"This program is the outcome of those better ideas," the Nez Perce Tribe's Dave Johnson told the Council. He spoke of hatchery reform initiatives past and ongoing that have been launched by the Council, NOAA Fisheries and others. Supplementation aims to boost depleted stocks by outplanting hatchery-reared juvenile salmon that are produced from native stocks. On their return as adults the supplemented fish would spawn in the wild. Hatchery operations and facilities are designed to more closely mimic the natural environment.
The NEOH expansion is "consistent with the Council, the ISRP and NOAA on how to raise listed fish," Johnson said. "This program is the product of the Council asking, as well as NOAA, for a better way of dealing with listed salmon."
Washington Councilor Tom Karier urged careful scrutiny of the costs between now and the time when the Council must say yea or nay to construction. He suggested that the Council's Independent Economic Advisory Board review the project and judge its cost effectiveness as compared to other hatcheries.
Likewise, the project's M&E program represents a heavy future burden on the fish and wildlife program. Karier noted that a strong Independent Scientific Review Panel endorsement of the M&E plan came with a caution about high costs.
"It's about a $3 million long-term commitment," Karier said of the combined O&M and M&E costs. The NPCC staff recommendation endorsed Wednesday by the Council says that, given the significant annual costs, additional understanding is needed regarding M&E priorities, for the NEOH project and other projects in the region. It suggested a prioritization of the plan's tasks and objectives.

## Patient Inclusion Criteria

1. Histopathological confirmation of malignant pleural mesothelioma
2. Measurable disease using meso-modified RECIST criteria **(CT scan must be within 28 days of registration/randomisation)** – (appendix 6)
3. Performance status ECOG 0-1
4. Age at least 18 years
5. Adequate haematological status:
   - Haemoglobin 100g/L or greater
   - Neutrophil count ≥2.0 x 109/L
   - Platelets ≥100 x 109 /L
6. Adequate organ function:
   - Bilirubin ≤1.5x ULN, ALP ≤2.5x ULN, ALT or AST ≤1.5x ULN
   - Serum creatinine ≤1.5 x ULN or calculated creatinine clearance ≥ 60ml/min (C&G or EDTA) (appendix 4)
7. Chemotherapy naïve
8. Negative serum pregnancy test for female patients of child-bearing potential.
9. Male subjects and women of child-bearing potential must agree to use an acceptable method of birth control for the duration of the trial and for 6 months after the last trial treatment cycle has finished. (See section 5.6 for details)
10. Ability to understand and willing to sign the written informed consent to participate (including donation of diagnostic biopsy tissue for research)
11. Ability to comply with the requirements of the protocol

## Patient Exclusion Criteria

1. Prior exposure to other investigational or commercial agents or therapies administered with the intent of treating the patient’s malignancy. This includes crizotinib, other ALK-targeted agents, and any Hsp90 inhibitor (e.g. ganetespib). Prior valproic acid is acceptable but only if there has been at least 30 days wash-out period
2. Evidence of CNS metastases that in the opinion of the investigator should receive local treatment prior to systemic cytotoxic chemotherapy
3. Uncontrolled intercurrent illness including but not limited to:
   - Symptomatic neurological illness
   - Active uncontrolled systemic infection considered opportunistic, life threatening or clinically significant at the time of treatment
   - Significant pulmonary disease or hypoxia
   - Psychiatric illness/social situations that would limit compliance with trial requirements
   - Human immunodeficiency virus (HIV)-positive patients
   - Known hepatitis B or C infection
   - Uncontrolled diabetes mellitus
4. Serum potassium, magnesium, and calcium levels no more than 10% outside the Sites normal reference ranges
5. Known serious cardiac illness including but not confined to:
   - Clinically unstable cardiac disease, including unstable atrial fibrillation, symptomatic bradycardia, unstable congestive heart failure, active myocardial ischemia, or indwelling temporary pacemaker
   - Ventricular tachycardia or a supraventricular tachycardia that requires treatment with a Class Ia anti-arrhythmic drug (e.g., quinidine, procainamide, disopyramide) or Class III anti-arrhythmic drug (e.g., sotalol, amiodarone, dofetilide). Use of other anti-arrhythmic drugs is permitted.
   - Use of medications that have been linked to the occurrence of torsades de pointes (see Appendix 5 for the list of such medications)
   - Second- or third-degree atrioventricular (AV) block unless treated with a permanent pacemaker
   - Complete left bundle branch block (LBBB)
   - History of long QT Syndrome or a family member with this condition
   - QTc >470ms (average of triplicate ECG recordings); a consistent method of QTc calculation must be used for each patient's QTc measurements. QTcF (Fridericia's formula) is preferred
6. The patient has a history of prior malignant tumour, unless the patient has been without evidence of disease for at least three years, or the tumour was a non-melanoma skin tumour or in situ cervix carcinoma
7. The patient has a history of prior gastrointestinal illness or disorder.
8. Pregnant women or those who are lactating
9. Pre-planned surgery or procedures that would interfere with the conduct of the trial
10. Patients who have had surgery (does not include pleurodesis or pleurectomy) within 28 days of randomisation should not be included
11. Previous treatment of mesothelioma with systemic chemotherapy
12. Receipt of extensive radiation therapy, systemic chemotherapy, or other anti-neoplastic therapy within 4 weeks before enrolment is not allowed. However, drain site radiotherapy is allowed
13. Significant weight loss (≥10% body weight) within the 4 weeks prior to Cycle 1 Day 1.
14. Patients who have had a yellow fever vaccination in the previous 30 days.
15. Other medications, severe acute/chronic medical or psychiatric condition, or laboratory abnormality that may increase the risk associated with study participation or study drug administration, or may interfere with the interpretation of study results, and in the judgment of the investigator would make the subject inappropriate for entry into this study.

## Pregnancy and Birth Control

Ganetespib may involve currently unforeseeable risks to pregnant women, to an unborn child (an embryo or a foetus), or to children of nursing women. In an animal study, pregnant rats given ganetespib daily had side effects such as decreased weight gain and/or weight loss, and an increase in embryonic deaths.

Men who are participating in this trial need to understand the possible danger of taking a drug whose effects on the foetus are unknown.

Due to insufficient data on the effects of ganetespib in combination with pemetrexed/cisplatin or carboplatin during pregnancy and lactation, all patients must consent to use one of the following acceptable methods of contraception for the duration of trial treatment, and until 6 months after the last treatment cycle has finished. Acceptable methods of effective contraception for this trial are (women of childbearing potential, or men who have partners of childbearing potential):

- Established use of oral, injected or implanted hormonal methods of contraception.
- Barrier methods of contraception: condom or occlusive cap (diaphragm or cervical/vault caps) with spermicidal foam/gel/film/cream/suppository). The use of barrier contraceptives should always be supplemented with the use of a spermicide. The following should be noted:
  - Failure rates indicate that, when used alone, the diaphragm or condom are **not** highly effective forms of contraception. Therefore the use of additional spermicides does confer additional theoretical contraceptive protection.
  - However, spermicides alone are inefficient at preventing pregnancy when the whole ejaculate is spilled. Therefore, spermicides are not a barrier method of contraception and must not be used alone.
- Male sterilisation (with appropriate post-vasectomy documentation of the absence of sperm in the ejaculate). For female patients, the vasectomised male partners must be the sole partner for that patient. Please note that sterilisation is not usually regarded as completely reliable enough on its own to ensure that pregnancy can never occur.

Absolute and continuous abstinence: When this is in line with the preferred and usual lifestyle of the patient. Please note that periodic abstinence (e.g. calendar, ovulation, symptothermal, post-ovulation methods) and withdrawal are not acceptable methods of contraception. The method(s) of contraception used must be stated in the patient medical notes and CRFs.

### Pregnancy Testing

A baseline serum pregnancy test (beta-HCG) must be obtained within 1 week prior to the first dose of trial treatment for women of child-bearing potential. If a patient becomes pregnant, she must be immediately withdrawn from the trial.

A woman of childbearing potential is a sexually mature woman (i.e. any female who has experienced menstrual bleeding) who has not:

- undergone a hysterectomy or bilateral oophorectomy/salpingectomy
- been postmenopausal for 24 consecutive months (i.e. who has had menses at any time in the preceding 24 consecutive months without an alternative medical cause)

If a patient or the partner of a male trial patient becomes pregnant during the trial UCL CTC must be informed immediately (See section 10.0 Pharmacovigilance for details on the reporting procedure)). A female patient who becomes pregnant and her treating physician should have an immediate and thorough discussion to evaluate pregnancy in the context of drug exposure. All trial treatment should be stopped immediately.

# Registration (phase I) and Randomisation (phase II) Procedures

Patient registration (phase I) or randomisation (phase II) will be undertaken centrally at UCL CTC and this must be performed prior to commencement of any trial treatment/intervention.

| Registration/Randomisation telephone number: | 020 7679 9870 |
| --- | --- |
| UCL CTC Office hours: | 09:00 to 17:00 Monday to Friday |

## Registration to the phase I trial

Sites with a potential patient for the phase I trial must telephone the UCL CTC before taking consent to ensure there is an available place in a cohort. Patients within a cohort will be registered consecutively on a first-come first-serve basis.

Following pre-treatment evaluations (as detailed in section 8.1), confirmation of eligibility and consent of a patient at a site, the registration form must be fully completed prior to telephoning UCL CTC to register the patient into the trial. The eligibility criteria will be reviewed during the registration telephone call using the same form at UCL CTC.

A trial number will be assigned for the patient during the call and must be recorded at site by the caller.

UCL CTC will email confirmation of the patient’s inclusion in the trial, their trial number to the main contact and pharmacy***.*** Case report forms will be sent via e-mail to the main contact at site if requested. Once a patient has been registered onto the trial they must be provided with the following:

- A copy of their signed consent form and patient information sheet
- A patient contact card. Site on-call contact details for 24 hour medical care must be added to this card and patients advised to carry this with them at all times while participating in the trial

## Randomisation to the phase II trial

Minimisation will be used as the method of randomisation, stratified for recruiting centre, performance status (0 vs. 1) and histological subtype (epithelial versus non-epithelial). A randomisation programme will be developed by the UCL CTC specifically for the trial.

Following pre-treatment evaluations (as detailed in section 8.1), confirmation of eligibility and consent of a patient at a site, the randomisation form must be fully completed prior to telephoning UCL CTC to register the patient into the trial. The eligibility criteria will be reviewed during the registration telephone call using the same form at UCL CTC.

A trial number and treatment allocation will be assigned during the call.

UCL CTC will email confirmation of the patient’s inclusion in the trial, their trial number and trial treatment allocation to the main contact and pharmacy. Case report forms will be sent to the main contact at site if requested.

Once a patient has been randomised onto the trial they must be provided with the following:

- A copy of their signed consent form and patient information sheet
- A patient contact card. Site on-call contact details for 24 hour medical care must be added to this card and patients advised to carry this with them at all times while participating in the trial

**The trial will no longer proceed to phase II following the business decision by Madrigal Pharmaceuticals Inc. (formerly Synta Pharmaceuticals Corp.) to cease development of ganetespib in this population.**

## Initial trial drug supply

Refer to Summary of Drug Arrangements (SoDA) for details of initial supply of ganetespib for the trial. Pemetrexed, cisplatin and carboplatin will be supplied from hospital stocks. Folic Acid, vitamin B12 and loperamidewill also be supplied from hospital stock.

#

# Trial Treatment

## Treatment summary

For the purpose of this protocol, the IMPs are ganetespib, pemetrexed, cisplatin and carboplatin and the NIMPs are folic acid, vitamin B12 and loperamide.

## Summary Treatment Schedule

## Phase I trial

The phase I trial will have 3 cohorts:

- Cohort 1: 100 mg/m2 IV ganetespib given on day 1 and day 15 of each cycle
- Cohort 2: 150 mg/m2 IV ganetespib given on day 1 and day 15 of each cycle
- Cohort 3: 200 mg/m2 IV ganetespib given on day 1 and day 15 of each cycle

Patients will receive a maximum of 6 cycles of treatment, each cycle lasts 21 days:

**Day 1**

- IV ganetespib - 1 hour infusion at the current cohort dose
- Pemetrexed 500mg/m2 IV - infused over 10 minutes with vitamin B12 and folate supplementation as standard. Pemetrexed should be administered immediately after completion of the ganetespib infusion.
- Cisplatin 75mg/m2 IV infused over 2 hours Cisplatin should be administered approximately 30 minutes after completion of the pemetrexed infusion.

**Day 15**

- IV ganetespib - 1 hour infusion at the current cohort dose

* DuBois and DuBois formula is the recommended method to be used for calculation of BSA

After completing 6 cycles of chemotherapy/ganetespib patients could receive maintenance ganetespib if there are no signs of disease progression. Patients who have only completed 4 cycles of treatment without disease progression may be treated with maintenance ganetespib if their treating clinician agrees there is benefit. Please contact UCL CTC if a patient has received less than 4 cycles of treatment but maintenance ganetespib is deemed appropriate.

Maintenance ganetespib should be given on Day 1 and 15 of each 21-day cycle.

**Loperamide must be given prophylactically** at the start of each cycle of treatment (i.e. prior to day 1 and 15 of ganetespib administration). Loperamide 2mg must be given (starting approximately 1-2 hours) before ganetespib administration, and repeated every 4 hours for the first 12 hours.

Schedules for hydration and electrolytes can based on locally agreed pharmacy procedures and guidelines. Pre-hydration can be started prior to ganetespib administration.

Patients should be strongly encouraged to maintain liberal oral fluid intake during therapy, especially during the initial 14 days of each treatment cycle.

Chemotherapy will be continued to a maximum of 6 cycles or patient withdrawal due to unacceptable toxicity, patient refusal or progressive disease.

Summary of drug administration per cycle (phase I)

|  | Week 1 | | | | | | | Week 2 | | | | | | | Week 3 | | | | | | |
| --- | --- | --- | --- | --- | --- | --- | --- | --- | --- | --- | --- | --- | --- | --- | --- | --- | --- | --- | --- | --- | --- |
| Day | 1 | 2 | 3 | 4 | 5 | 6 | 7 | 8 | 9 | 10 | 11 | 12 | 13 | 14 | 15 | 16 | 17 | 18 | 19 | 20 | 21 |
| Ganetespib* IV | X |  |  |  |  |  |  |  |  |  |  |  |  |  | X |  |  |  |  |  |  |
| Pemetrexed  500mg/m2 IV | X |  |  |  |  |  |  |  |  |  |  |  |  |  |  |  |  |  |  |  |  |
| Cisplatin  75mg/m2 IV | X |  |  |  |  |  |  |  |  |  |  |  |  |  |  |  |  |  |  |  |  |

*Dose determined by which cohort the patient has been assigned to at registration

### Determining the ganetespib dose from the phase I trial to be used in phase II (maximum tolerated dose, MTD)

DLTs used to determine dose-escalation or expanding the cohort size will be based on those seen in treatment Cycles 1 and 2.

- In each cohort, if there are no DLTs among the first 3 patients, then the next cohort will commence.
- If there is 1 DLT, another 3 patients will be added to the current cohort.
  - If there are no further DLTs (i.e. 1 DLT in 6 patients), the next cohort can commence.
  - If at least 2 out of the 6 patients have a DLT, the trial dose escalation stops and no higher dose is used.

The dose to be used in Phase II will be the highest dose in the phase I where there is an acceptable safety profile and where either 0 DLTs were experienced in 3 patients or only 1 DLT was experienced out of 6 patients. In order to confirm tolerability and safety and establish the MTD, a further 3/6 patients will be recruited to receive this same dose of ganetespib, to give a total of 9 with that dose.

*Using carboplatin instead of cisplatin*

"This approach is not a criticism of the sponsor's current proposal, but is based on the allocation of regional resources for monitoring requirements in response to the considerable review and guidance the project has received," according to a memo from the Council staff's Mark Fritsch.
The M&E data across the region is important to answer uncertainties about the long-term success of supplementation in restoring self-sustaining populations and about the risks hatchery fish might pose to wild populations.
"The level of cost and effort is high, but the ISAB/ISRP consider the Yakima, ISS (Supplementation Studies on Idaho Rivers) and this project as core projects that are attempting to evaluate supplementation in the Columbia River Basin," according to the staff memo.
Oregon Councilor Melinda Eden noted the dilemma faced by policy makers.
"We can find some of those answers by spending more on M&E," she said. But the proposed NEOH program and its costs, $2.4 million per year, must be examined in relation to existing M&E programs and the information they provide.
"That's a whole lot to swallow unexamined," she said of the relative benefit the new M&E program will provide in answering supplementation uncertainties. It was noted by Karier that the NEOH M&E plan relies on elements of some 17 other ongoing projects. Their total cost for M&E and other functions, is $6 million, Fritsch said.
NOAA Fisheries is on board with the project. Assistant regional administrator Rob Walton told the Council that his agency completed the ES-required biological opinion on the proposed construction Oct. 8.
"We do support going to final on this," said Walton, who called the project "an important example of hatchery reform."